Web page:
Spiraling Out Of Control
Part 2: Is CBD The Answer To The Opioid Epidemic?
As America’s Opiate Crisis spreads like wildfire across the country, researchers are increasingly looking at new ways to combat drug abuse and addiction – one of which is to use cannabidiol (CBD) as a potential treatment.
In an article published in 2015 in the academic journal Substance Abuse: Research and Treatment, researchers in Canada summarized the preclinical and clinical data on the impact of CBD on addictive behaviors.
CBD is the second most common compound found in cannabis and is non-psychoactive compared to THC. This exogenous cannabinoid has been targeted as a potential treatment for a variety of conditions. It has been associated with many neural circuits involved in the acquisition of addiction and subsequent drug-seeking behaviors, making it an interesting pharmacological candidate to treat substance-use disorders.
When reviewing the studies on animal models that focused on the effects of CBD on opioid-related addictive behaviors, they found CBD to have an impact on the intoxication and relapse phase of opioid addiction by reducing the reward-facilitating effects of morphine.
But more importantly, the researchers also found that CBD influences the relapse phase of opioid addiction by decreasing cue-induced, drug-seeking behaviors. The researchers theorized that CBD’s effect on 5-HT1a serotoninergic receptors may be highly relevant in drug reward and stress vulnerability which is a well-known trigger of craving and subsequent relapse in addicted individuals.
In the same year, a similar but slightly different article was published in the journal Neurotherapeutics by researchers from New York, Sweden, and Canada. Again, it focused on the early phase of development of CBD as a treatment for addiction – with a focus on opioid relapse.
However, the authors took it one step further by also publishing their own preclinical and clinical studies.
In their preclinical study, their results showed that repeated CBD administration in rats clearly inhibited cue-induced heroin-seeking behavior. The authors also found that CBD’s effects were prolonged –lasting two or more weeks.
Even when CBD was given during active heroin intake, the ability of CBD to inhibit relapse behavior was still apparent weeks after. This suggests that CBD could still impact heroin dependence even following a potential lapse condition after a period of abstinence. This unique trait is not found in the medications that are currently used for the treatment of heroin abuse.
But the clinical trial results are even more illuminating. The researchers initiated pilot human clinical laboratory studies to begin to explore the potential of CBD as a medication for opioid craving.
In their small, double-blind experiment on opioid-dependent individuals, people were randomized to 3 consecutive days of CBD or placebo treatment and were then subjected to cue-induced craving test sessions where opioid-related and neutral video cues were presented.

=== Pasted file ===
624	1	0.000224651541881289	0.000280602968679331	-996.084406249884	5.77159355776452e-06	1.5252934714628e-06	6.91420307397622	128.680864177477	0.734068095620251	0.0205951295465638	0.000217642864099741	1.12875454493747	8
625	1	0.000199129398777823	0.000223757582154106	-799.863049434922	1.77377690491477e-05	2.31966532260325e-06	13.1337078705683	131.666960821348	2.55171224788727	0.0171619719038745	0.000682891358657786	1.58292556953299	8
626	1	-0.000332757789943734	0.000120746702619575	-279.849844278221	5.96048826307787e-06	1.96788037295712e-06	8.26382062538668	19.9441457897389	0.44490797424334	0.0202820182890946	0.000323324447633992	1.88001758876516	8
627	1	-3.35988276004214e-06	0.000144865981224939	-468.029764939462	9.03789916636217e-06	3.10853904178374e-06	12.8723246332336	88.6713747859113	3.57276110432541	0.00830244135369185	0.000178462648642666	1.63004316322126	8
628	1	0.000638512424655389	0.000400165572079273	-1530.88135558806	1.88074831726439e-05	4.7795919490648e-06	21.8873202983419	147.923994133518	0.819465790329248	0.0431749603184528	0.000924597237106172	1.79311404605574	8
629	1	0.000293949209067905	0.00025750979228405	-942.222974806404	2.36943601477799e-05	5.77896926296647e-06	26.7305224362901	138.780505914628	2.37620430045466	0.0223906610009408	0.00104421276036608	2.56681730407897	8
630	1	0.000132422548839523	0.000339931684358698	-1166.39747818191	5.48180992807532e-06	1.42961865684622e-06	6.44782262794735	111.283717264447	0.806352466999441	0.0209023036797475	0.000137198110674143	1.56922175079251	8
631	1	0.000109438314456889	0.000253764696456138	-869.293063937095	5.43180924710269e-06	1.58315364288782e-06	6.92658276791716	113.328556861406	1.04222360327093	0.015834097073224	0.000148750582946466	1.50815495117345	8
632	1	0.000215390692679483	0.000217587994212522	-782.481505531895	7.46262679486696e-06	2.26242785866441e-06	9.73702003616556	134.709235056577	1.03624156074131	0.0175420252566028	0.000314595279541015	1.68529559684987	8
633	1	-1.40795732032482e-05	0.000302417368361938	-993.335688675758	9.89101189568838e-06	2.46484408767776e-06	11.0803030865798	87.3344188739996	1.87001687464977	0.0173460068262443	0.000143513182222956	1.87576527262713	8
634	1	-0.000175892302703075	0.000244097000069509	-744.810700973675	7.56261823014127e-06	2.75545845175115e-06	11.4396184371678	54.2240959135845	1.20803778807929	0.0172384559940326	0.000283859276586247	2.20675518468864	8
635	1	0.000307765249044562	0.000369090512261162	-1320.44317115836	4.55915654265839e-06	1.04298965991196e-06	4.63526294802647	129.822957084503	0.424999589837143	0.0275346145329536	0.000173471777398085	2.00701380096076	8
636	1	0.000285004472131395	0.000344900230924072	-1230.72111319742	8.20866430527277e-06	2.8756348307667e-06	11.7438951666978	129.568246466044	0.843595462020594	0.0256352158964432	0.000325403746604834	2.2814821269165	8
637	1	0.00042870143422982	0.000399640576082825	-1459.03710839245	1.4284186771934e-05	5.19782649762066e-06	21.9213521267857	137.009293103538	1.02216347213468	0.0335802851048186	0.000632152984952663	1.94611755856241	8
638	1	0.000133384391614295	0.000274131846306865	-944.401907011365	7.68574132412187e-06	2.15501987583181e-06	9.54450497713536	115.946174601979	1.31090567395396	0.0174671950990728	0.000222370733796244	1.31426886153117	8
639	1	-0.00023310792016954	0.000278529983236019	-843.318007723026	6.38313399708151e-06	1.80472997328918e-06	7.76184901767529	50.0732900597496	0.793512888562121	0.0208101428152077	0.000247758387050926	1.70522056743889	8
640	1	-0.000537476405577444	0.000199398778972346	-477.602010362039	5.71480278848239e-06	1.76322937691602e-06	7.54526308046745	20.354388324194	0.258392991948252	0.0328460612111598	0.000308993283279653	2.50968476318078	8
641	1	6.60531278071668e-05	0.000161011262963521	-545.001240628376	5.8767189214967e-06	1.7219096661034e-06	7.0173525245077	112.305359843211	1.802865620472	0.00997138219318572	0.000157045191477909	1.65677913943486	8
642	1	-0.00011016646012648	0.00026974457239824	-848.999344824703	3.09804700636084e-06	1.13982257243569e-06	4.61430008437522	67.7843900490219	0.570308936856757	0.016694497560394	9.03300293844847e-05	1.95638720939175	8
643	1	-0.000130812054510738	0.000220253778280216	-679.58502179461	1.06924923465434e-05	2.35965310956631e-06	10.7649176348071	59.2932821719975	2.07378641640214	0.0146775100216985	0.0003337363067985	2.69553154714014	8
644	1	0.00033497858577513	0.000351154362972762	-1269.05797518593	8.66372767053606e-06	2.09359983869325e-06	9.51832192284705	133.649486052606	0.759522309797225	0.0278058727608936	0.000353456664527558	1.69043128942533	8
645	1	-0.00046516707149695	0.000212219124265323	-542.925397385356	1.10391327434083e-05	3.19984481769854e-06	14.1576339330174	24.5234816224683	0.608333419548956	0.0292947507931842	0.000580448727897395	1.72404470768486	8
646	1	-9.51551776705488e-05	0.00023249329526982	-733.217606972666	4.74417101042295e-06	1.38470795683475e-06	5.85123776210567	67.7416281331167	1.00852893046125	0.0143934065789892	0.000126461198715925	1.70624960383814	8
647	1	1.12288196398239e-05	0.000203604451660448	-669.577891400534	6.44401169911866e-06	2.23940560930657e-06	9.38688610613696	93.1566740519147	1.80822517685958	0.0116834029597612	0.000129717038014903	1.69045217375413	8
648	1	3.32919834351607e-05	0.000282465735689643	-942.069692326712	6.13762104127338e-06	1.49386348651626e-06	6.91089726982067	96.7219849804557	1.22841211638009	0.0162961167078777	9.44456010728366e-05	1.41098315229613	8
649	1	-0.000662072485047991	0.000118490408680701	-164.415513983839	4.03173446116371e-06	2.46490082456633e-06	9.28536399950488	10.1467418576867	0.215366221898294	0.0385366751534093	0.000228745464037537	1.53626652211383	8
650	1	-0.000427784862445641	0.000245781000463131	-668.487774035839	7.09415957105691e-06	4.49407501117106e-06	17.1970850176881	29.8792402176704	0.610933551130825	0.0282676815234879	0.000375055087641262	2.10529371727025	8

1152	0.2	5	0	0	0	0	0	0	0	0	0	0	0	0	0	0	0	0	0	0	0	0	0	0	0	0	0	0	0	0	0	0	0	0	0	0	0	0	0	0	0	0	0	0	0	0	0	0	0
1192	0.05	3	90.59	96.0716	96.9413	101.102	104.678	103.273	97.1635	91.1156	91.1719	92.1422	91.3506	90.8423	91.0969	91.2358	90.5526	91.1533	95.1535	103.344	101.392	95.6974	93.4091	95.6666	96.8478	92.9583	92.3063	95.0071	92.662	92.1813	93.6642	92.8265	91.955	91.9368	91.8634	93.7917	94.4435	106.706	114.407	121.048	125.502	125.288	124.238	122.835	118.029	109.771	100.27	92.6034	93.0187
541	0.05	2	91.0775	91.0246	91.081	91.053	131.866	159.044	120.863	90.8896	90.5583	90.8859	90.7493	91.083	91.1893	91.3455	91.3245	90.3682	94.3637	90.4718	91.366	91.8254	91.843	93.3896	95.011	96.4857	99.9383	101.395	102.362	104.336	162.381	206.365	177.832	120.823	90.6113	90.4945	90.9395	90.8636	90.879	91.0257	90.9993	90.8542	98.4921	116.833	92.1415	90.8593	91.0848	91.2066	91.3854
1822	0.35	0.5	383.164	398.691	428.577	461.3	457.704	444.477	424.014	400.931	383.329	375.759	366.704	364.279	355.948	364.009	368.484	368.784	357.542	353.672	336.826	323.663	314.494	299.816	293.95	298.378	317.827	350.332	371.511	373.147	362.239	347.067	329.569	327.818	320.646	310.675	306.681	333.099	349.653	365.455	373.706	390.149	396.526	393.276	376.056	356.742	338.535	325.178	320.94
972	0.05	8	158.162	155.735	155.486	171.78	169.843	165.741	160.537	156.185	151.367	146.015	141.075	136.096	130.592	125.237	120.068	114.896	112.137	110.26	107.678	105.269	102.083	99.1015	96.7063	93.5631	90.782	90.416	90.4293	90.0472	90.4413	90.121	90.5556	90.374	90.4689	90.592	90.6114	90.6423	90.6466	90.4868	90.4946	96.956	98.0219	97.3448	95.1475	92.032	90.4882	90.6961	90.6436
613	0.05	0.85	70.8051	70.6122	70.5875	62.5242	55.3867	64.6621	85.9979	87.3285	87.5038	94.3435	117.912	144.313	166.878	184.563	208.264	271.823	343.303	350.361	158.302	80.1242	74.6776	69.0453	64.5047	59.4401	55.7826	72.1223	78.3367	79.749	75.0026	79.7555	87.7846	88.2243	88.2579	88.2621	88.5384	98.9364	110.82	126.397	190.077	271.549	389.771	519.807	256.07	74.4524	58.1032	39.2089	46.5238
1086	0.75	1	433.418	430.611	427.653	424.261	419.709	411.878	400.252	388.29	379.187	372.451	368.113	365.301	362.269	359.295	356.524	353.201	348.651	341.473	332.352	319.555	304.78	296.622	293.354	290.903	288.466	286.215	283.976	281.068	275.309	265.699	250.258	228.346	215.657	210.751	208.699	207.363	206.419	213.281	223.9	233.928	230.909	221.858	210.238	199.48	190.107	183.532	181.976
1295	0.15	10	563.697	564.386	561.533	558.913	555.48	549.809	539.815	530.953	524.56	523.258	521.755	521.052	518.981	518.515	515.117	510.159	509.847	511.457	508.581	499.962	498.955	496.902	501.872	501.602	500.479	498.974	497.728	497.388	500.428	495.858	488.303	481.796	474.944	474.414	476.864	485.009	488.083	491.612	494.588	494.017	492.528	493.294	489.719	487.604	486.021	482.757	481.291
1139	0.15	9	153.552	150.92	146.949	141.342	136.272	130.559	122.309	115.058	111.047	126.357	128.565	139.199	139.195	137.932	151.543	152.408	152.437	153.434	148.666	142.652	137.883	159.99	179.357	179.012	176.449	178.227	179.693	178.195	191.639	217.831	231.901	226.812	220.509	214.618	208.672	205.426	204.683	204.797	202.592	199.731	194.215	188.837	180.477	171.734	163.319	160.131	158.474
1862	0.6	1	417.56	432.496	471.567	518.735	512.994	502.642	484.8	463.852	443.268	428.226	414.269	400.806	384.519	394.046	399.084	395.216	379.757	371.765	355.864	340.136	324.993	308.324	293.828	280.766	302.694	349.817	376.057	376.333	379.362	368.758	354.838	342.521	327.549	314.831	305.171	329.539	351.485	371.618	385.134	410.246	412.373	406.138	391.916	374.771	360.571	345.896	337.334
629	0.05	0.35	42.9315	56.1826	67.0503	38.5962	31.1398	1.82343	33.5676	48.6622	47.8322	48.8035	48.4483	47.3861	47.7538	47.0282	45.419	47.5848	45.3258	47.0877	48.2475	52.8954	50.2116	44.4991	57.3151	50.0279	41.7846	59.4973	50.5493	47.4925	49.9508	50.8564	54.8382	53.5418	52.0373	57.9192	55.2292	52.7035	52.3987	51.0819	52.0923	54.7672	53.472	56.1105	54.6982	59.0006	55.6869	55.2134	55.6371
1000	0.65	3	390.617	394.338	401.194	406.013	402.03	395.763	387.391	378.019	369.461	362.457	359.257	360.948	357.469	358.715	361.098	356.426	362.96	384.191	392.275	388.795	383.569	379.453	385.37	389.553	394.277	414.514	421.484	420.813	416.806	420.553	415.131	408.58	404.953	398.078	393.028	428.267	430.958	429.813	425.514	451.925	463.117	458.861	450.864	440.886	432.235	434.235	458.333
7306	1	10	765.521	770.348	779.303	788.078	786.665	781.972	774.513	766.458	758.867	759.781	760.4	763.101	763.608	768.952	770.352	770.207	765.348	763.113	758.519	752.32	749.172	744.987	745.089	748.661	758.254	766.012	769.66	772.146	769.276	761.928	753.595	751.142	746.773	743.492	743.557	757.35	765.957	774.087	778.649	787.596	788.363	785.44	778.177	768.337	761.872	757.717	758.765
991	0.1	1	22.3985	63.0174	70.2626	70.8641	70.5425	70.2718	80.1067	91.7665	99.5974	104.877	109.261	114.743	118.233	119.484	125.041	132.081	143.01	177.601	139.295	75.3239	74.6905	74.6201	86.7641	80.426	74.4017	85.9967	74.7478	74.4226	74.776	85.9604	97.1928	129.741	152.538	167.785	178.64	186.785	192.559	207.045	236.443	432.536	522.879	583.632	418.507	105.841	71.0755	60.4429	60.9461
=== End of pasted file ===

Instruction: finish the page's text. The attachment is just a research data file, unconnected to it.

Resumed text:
The results were very promising, to say the least.
The authors discovered that a single administration of CBD, in comparison to placebo, was enough to reduce cue-induced cravings after 1 hour. The single administration of CBD even maintained a decrease of general craving 24 hours later. In fact, CBD’s effects lasted 7 days after the last treatment.
Interestingly, CBD also reduced anxiety in individuals as well – supporting previous preclinical and clinical evidence. This suggests therapeutic potential for CBD to reduce negative states in opioid-dependent individuals, which may, in turn, predict reduced craving and reduce the likelihood of relapse.
Because CBD is generally regarded as well-tolerated, because CBD has been shown to reduce craving in opioid-dependent individuals, because the effects last a long time, and because patients with substance use disorders often present with various psychiatric and medical symptoms that are reduced by CBD, the authors concluded that:
“CBD could thus offer a novel line of research medication that indirectly regulate neural systems modulating opioid-related behavior, thus helping to reduce side effects normally associated with current opioid substitution treatment strategies… As more research efforts are directed towards cannabinoids, we will soon be able to understand how best to leverage the potentially beneficial properties of cannabinoids to develop more targeted treatment interventions.”
Although more studies are needed, researchers have clearly demonstrated the potential for CBD to play a major role in the fight against opioid addiction. As America struggles to cope with the damage caused by this crisis, lawmakers are faced with a critical decision. Either continue with the archaic policies that have inhibited potentially life-saving research, or embrace science and open the doors to the benefits of medical cannabis and CBD. Let’s hope for the nation’s sake, they choose the latter.
Here at IwantmyCBD.org, we are dedicated to ensuring your right to obtain CBD legally. We are working hard to make sure CBD rich hemp oil remains a dietary supplement. To see what we are up to, sign up for the I want my CBD Newsletter. If you feel that CBD is right for you and want to join the fight to protect your access to CBD, you can help by liking us on Facebook, or following us on Twitter or Pinterest. Join us in spreading the word on CBD and let’s keep the momentum going!
I want my CBD: Top Reviewed CBD Products
Next Article: Research Bias in Cannabis Science